Fast Friday feature (from Utah!):
Last week it was the abuse of a 140-character context-free nano-report on an hour-long discussion on the challenges of communicating science. This week it’s the credulous coverage of a 50-page report on climate change. Seems that no matter the length of the material at hand, there are plenty of people eager to jump to conclusions without having the decency to stop and think first.
I’ve long been ambivalent about the merits of Twitter. Some may recall my “Why Twitter is Evil” post of a while back. That was written with one cheek mostly occupied by my tongue. It now seems clear that, whatever the original designs, the 140-character telegraph has become an invaluable network-building and maintenance tool, particularly for authors, activists trying to organize constituencies. This is all well and good. But the medium’s dark side recently became all too clear following this past weekend’s wonderful Science Online 2011 conference.
Continue reading “No good deed goes unpunished in the Twitterverse”
From the wonderful “Overheard in a newsroom” service:
Reporter doing a phone interview: “Please slow down, professor. You’ve been researching this topic for a decade. I’ve been researching it since lunchtime.”
So, 2010 is a statistical tie for warmest year on record. This from NASA’s GISS and NOAA’s NCDC. Some AGW refuseniks might cling to the fact that the year just past was 0.018 degrees Fahrenheit cooler than 2005, but then you’d know they never bothered to take a stats class. As the GISS press release puts it:
The record temperature in 2010 is particularly noteworthy, because the last half of the year was marked by a transition to strong La Niña conditions, which bring cool sea surface temperatures to the eastern tropical Pacific Ocean.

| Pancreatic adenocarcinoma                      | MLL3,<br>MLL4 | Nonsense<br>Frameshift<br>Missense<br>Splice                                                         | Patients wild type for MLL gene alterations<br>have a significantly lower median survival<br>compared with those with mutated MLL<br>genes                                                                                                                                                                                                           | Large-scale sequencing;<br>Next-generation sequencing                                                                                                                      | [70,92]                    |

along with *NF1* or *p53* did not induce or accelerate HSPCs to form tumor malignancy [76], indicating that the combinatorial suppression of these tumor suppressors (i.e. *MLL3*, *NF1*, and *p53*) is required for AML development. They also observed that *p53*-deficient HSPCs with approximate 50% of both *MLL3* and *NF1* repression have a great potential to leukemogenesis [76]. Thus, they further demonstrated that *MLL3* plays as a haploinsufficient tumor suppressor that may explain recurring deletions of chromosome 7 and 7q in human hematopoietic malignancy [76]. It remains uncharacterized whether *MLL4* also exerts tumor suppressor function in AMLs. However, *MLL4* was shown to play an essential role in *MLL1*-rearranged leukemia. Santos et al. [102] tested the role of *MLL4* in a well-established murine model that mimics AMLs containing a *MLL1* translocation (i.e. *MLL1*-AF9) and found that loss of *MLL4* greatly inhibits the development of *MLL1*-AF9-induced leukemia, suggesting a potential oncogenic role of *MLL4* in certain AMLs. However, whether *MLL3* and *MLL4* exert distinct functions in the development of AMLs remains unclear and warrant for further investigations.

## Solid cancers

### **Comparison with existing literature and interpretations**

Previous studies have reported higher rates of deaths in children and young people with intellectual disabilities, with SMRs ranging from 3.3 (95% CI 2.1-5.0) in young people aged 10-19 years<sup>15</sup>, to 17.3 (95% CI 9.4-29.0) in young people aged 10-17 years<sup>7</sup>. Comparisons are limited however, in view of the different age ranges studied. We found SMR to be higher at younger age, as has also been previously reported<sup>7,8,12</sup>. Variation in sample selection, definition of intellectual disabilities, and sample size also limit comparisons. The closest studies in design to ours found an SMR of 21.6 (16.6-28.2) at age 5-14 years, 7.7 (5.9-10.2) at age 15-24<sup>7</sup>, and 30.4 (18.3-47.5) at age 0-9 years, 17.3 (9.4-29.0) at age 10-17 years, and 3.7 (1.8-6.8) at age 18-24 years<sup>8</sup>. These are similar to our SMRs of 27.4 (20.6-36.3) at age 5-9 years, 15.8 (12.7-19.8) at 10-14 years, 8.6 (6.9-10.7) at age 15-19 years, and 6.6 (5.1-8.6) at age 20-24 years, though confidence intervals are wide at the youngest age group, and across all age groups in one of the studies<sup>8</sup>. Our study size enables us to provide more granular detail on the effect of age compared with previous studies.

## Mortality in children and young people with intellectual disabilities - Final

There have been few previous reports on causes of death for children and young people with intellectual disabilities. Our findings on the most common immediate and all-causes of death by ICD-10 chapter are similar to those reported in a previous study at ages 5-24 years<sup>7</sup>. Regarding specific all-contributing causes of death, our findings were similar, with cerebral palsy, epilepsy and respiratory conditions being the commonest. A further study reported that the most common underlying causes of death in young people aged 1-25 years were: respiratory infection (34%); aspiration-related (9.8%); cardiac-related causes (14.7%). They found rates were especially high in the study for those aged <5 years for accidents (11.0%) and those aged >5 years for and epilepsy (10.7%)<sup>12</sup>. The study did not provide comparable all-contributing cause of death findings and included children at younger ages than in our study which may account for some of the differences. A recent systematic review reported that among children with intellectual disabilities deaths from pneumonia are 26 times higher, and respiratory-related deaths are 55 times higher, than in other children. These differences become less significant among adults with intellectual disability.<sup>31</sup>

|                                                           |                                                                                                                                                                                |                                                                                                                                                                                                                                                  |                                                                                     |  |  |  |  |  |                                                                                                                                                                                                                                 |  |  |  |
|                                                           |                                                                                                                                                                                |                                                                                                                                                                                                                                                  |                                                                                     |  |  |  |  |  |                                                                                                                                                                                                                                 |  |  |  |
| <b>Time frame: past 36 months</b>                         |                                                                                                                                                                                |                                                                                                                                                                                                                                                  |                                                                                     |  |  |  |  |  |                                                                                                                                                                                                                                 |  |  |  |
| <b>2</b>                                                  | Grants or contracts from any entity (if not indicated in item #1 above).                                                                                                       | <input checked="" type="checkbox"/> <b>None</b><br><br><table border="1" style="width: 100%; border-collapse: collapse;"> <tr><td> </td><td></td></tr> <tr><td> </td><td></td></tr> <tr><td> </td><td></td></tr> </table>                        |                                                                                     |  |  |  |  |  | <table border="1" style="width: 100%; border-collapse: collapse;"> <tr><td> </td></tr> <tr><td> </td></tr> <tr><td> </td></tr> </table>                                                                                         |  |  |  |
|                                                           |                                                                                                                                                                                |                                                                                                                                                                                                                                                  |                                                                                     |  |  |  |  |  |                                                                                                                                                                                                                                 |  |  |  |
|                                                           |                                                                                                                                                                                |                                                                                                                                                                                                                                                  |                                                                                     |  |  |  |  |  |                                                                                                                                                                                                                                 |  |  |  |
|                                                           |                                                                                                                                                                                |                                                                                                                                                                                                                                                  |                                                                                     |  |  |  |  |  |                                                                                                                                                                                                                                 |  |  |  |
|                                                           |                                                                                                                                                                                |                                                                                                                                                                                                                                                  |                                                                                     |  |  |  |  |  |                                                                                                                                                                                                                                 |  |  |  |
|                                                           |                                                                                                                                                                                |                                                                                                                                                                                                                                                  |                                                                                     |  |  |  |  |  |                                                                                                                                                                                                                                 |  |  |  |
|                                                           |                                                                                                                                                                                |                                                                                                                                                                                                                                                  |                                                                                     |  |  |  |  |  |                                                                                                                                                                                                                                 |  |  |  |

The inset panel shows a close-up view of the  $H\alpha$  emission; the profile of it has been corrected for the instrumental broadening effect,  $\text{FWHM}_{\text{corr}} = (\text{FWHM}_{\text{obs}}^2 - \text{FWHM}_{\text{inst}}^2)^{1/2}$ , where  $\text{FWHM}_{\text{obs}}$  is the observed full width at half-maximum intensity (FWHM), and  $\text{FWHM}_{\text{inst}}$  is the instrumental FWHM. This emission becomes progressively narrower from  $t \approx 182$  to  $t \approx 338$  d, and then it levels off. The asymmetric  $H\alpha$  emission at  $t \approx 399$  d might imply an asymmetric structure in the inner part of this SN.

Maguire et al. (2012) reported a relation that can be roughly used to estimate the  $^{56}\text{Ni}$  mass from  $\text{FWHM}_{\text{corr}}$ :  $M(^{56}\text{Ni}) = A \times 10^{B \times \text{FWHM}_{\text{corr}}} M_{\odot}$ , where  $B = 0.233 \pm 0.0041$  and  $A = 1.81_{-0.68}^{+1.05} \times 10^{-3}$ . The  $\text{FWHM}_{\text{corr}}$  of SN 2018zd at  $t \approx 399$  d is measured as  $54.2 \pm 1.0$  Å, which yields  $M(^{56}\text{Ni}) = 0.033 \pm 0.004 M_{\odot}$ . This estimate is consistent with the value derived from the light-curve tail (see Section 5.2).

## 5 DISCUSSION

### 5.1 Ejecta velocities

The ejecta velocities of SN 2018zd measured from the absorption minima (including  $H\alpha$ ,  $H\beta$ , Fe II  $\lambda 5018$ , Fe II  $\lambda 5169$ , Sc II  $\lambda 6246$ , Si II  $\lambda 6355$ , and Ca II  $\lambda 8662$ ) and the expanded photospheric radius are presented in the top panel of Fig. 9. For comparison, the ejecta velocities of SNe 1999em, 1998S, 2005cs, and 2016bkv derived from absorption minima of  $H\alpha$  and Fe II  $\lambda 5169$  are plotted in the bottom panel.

We’ve also just come out of an unusually long “solar minimum,” during which sunspot activity has been next to nil, a condition that otherwise could be expected to depress temperature on Earth.
[Graphic from a New York Times story.]
The interesting thing to me is that this is just what GISS chief James Hansen and many others have been predicting for pretty much the entire year, suggesting that our understanding of the global climate system continues to improve.
The latest prognostication from the usual suspects involves the assumption that a return of the warmer, El Niño counterpart of the same cycle, and the possible return of a more active sun, will help make 2011 warmer still.
The annual report from the other side of the Atlantic isn’t out yet, although there’s a good chance it won’t put 2010 quite at the top of the list, because it excludes much of the northernmost reaches of the Arctic due to a lack of observations. NASA, by comparison extrapolates from the most northerly stations that do supply temperature data. And this year it was the Arctic’s unseasonable warmth that helped make 2010 as hot as it was. In the Southern Hemisphere, for example, 2010 was only the sixth warmest, and the global ocean temperature managed to reach third place.
Regardless with what the Brits report, it has now been 34 years in a row that the global temperature has been warmer than the 20th century average.
Just in case you need a refresher:
“Climate change is real, and we are killing our planet more every day,” said climatologist Helen Marcus, who has made similar statements in interviews in 1994, 1995, 1996, 1997, 1998, 1999, 2000, 2001, 2002, 2003, 2004, 2005, 2006, 2007, 2008, 2009, and 2010. “We need to make a serious effort to stop it, or, you know, we’ll all die. There really isn’t much else to say.”
For 2011, I am going to try to implement Oscar Wilde’s advice:
“If you want to tell people the truth, make them laugh, otherwise they’ll kill you.”